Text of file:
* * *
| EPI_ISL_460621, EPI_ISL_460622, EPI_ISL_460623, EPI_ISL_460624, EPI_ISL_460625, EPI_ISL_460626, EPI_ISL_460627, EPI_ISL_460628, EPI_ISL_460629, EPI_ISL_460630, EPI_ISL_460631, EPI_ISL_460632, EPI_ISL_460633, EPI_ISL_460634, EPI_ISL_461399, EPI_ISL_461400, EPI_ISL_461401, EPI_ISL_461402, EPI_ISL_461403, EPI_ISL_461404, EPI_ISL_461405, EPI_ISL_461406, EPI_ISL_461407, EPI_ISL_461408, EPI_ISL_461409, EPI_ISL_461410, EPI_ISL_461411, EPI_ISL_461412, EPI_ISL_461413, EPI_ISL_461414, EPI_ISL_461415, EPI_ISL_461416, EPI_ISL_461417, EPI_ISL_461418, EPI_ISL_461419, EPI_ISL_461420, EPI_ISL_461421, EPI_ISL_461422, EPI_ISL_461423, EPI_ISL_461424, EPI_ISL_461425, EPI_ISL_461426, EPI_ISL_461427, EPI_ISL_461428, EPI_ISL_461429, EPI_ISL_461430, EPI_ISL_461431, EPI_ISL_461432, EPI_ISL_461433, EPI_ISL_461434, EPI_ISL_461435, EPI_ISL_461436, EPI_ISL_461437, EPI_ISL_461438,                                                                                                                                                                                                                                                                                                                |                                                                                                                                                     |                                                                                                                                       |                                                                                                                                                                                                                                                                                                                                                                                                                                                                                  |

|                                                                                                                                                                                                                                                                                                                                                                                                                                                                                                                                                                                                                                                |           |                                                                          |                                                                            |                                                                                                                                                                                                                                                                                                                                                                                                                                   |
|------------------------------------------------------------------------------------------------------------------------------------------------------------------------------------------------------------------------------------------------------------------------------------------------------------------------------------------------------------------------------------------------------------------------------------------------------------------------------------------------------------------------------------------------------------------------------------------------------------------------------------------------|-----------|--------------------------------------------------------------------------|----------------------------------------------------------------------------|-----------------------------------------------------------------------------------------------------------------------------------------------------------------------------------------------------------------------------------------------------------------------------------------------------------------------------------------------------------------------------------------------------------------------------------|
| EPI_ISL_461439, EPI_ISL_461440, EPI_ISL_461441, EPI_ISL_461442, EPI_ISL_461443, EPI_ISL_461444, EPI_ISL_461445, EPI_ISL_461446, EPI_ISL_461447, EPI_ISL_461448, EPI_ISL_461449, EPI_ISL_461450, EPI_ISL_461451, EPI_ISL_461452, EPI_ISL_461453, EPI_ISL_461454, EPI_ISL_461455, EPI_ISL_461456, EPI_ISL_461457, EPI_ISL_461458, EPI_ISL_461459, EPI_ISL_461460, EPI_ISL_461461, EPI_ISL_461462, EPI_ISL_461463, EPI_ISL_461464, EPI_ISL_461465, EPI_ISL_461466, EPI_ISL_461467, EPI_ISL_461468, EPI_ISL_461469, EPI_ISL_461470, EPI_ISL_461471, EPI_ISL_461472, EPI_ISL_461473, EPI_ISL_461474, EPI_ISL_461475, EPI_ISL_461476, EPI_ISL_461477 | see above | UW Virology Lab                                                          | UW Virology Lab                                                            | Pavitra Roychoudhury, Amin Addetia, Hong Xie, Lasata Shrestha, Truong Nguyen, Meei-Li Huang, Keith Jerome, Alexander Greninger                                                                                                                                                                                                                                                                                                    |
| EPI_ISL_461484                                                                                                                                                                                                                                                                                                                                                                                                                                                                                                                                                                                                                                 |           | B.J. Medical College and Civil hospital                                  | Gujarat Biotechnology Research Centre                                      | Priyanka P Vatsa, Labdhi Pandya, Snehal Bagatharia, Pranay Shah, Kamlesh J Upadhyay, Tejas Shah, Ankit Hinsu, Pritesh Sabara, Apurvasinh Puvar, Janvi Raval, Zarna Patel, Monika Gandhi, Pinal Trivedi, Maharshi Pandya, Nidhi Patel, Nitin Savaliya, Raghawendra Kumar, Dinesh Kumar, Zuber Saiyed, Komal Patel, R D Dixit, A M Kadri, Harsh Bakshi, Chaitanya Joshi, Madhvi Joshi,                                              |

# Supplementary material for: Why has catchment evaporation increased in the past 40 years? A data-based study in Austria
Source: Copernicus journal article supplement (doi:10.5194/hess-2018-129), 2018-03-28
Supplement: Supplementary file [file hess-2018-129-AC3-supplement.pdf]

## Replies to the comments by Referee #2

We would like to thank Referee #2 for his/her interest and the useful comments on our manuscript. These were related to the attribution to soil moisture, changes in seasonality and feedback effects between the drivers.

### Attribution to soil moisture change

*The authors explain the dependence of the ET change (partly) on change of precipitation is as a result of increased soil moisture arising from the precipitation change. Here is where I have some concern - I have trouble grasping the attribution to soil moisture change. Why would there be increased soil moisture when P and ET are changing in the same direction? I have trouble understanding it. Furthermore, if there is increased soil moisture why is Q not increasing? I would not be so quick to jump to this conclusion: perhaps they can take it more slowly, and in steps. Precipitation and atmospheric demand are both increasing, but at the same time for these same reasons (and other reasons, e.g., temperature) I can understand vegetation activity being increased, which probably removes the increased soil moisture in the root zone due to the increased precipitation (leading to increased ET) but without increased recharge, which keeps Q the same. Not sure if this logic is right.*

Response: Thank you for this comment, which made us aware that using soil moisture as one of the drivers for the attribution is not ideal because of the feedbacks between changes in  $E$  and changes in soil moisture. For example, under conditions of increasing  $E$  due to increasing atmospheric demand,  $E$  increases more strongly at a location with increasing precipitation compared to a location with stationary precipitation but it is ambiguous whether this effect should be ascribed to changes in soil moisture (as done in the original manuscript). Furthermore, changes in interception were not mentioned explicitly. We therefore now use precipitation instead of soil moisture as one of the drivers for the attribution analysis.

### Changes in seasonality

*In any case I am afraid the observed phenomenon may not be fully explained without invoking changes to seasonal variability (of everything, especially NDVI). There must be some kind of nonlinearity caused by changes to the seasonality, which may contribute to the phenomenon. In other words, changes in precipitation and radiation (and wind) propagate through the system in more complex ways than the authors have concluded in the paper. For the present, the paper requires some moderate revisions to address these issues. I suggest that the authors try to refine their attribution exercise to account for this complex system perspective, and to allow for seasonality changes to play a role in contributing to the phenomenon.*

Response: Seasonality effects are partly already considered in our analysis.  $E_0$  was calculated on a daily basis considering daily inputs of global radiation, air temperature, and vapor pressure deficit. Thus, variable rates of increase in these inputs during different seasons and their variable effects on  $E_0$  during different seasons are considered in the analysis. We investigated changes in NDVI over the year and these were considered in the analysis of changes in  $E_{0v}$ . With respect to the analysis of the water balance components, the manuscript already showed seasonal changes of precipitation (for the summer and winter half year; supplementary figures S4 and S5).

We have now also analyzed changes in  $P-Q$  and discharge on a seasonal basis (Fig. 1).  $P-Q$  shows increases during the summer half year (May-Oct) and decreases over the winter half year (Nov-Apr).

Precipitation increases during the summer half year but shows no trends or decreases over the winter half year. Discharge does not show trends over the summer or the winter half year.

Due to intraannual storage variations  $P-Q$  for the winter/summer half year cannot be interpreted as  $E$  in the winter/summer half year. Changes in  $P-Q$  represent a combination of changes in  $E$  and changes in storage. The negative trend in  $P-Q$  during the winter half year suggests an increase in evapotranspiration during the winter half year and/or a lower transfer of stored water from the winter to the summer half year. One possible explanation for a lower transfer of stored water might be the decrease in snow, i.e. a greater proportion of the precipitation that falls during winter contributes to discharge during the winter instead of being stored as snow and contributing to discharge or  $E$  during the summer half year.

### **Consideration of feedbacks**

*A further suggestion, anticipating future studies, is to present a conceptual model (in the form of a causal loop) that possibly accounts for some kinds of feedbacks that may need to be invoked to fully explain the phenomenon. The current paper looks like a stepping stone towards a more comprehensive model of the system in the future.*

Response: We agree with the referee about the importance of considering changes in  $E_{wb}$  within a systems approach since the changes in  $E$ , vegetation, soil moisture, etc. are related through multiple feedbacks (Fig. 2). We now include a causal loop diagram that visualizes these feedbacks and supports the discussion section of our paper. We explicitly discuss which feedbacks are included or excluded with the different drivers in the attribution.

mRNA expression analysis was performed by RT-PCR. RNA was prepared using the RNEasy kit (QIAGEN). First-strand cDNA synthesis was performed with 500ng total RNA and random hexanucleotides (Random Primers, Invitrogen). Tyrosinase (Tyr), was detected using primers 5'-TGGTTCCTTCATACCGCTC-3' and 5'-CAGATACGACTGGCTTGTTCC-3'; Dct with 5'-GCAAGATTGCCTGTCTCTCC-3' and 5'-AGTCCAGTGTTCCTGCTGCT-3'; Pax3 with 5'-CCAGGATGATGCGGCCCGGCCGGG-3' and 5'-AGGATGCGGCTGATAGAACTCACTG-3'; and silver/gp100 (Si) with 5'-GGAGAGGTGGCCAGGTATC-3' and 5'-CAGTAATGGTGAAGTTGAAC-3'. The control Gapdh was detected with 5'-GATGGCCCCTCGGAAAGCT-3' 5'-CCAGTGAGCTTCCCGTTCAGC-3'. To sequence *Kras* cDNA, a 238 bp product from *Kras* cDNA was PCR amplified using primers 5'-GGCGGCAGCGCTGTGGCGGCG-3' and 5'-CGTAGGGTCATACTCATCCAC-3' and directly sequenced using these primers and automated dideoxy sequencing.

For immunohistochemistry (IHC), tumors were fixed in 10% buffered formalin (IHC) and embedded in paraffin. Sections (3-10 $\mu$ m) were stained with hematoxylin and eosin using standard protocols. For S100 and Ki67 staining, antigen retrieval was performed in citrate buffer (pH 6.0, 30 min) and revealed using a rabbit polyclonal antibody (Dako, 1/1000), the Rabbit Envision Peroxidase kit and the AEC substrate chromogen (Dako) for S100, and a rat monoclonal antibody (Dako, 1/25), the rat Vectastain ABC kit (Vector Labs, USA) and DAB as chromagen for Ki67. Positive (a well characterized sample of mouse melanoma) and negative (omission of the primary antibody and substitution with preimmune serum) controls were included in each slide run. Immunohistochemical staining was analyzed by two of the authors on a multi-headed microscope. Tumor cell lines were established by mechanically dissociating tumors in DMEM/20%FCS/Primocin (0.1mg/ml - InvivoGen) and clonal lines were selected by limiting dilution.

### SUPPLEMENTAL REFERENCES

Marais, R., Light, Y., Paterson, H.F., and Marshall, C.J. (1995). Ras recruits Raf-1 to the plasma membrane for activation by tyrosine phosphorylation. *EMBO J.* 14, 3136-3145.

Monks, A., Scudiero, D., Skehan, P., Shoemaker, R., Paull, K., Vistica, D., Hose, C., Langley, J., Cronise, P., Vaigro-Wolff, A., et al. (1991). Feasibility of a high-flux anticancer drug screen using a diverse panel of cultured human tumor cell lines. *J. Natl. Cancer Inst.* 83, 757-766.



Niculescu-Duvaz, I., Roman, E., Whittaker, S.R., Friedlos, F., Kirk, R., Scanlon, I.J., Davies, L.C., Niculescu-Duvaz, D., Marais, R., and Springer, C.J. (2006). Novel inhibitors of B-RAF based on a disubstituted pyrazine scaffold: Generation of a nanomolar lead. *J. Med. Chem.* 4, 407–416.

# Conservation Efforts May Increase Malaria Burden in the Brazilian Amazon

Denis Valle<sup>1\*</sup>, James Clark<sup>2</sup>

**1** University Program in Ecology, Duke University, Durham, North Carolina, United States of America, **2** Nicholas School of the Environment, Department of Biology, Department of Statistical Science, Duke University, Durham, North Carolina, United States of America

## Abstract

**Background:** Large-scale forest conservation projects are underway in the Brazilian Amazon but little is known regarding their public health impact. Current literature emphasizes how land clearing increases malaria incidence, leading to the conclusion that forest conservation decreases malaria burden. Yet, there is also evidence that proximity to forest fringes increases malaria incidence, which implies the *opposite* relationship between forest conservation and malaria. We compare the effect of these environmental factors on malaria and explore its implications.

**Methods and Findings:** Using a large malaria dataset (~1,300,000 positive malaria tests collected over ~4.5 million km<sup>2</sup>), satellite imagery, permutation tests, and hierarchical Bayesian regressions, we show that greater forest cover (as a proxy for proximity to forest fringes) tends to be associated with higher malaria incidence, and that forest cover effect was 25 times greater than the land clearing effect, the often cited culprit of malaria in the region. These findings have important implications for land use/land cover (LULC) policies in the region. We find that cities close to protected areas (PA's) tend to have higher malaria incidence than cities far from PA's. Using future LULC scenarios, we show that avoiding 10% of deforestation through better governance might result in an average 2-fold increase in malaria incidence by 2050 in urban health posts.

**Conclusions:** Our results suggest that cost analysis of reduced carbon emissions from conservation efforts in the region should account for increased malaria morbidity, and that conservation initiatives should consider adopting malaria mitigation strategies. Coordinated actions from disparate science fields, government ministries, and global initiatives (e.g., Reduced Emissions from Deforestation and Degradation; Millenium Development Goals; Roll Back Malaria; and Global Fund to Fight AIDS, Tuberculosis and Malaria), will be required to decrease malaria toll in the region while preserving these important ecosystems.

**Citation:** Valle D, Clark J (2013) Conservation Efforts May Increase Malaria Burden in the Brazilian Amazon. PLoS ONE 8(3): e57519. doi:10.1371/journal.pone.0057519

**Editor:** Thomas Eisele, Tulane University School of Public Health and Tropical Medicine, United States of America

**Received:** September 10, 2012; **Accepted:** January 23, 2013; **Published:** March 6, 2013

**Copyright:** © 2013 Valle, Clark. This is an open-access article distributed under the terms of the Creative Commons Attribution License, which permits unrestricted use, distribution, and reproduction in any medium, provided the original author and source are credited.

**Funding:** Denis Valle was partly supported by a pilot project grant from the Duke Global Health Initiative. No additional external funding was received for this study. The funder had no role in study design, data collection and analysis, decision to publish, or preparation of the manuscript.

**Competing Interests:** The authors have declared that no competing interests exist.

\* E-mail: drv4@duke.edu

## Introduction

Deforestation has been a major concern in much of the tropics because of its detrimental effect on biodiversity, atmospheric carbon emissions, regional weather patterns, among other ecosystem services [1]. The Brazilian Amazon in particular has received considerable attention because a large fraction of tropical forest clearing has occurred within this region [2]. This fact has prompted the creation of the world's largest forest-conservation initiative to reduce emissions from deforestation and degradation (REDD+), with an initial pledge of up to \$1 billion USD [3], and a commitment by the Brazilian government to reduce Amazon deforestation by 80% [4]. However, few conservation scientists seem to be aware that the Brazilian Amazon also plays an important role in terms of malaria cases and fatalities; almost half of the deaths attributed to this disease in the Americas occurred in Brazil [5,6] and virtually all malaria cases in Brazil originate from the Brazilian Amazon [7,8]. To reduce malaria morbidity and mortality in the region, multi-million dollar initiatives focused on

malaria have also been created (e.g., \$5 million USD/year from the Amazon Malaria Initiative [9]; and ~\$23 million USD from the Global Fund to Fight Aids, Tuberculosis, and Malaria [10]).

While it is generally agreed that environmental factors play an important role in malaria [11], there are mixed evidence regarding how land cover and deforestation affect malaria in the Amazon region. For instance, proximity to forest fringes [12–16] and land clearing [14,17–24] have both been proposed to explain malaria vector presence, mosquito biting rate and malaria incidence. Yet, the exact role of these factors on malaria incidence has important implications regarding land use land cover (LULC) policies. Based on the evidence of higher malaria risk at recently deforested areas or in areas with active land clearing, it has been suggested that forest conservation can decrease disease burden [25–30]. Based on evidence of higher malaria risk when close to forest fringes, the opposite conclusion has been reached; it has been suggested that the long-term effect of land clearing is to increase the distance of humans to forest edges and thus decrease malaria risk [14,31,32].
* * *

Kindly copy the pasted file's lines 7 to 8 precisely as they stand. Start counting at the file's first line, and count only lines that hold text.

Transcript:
Source: Copernicus journal article supplement (doi:10.5194/hess-2018-129), 2018-03-28
Supplement: Supplementary file [file hess-2018-129-AC3-supplement.pdf]